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How we upgrade a live data center

I blogged about how we upgrade a live data center over on the Server Fault blog, which you may find interesting. It details how we planned and executed a large hardware refresh in the Stack Exchange New Jersey data center complete with hundreds of photos along the way. I love our hardware upgrade trips and will try my best to share future ones the same way. Expect a similar post on building the Denver data center around June this year.

If reading isn’t your thing and you want to go directly to the server porn, never fear. The album of the move (fully commented) is here: http://imgur.com/a/X1HoY

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What it takes to run Stack Overflow

I like to think of Stack Overflow as running with scale but not at scale. By that I meant we run very efficiently, but I still don’t think of us as “big”, not yet. Let’s throw out some numbers so you can get an idea of what scale we are at currently. Here are some quick numbers from a 24 hour window few days ago - November 12th, 2013 to be exact. These numbers are from a typical weekday and only include our active data center - what we host. Things like hits/bandwidth to our CDN are not included, they don’t hit our network.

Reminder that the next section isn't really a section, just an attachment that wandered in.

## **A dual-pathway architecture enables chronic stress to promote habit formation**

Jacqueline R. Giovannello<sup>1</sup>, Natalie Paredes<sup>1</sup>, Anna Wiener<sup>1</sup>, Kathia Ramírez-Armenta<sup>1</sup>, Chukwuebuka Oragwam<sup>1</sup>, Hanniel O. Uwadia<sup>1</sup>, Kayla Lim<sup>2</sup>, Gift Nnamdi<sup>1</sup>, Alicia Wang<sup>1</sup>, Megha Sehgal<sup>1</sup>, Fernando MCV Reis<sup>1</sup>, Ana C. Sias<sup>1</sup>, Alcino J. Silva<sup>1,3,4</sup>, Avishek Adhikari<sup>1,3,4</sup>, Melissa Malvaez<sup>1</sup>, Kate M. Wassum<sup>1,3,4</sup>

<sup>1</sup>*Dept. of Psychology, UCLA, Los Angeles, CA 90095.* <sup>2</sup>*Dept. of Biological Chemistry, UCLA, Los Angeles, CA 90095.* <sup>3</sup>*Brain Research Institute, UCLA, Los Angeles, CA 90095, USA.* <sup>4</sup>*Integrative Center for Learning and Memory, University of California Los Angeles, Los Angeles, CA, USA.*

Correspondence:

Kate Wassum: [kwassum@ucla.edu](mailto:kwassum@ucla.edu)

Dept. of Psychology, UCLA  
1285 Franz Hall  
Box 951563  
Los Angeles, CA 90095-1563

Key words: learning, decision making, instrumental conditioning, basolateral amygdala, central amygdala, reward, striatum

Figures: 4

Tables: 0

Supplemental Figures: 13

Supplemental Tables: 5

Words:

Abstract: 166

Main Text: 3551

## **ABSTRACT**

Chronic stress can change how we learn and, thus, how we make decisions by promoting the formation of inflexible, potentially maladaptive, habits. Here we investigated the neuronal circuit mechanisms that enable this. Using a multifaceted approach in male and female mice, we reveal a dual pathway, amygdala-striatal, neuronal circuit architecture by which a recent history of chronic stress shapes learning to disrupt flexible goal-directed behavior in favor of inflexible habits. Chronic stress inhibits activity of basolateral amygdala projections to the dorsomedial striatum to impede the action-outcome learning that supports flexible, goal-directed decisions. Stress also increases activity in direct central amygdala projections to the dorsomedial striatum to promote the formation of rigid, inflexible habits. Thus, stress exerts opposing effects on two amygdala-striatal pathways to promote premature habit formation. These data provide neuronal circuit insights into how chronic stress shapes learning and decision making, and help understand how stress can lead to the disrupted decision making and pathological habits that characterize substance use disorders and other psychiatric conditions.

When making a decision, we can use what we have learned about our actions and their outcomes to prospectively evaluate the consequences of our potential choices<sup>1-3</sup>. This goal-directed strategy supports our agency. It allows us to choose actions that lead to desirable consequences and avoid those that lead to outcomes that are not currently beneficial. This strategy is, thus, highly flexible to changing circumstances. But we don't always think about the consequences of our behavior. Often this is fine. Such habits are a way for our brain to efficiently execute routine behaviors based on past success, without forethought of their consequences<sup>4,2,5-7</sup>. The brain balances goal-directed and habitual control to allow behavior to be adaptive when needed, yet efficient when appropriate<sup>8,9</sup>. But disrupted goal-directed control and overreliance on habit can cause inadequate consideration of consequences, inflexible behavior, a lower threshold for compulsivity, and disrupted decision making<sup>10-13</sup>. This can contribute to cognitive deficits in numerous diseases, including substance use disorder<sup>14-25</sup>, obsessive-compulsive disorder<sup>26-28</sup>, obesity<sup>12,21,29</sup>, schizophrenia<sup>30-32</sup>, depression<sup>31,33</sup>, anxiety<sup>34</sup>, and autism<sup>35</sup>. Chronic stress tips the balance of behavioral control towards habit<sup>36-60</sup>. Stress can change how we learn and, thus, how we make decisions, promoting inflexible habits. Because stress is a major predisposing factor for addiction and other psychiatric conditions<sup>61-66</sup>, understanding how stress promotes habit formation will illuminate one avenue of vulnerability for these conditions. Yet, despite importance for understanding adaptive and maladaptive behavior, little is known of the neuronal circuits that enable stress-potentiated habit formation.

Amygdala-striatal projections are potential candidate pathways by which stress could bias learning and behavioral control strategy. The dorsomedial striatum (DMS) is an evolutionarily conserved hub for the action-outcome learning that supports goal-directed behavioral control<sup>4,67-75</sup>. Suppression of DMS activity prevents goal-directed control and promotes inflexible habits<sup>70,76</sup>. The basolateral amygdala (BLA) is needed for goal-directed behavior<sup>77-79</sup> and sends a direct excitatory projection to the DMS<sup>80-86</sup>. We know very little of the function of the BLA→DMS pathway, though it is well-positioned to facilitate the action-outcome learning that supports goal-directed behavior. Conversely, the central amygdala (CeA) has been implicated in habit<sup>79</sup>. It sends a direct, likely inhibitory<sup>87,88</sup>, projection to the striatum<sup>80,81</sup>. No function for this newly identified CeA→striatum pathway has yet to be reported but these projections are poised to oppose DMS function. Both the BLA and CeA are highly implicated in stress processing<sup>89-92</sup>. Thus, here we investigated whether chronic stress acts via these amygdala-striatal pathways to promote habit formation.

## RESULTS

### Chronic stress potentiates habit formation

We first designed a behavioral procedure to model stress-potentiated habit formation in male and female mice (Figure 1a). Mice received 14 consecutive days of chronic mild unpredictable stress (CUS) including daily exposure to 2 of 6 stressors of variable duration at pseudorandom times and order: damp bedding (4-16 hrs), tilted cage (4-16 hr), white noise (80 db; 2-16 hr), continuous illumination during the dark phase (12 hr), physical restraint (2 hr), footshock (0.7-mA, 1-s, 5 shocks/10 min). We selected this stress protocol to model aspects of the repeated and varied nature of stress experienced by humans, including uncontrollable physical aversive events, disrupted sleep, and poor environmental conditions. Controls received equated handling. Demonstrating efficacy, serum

• 148,084,883 HTTP requests to our load balancer
  • 36,095,312 of those were page loads
  • 833,992,982,627 bytes (776 GB) of HTTP traffic sent
  • 286,574,644,032 bytes (267 GB) total received
  • 1,125,992,557,312 bytes (1,048 GB) total sent
  • 334,572,103 SQL Queries (from HTTP requests alone)
  • 412,865,051 Redis hits
  • 3,603,418 Tag Engine requests
  • 558,224,585 ms (155 hours) spent running SQL queries
  • 99,346,916 ms (27 hours) spent on redis hits
  • 132,384,059 ms (36 hours) spent on Tag Engine requests
  • 2,728,177,045 ms (757 hours) spent processing in ASP.Net
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Running Stack Overflow on SQL 2014 CTP 2

Ok let’s start with the obvious, why run Stack Overflow on pre-release software? If no one tests anything, it only means one thing: more bugs at release. We have the opportunity to test the hell out of the 2014 platform. We can encounter, triage and in most cases, get bugs resolved before release. What company doesn’t want testers for their software in real world environments whenever possible? I would like to think all of them do, just not all have the resources to make it happen.

All of that adds up to it being a huge win for us to test pre-release software in many cases. First there’s the greedy benefit: we can help ourselves to make sure our pain points with the current version are resolved in the next. Then there’s something we love doing even more: helping others. By eliminating bugs from the RTM release and being able to blog about upgrade experiences such as this, we hope it helps others…just as posting a question publicly does.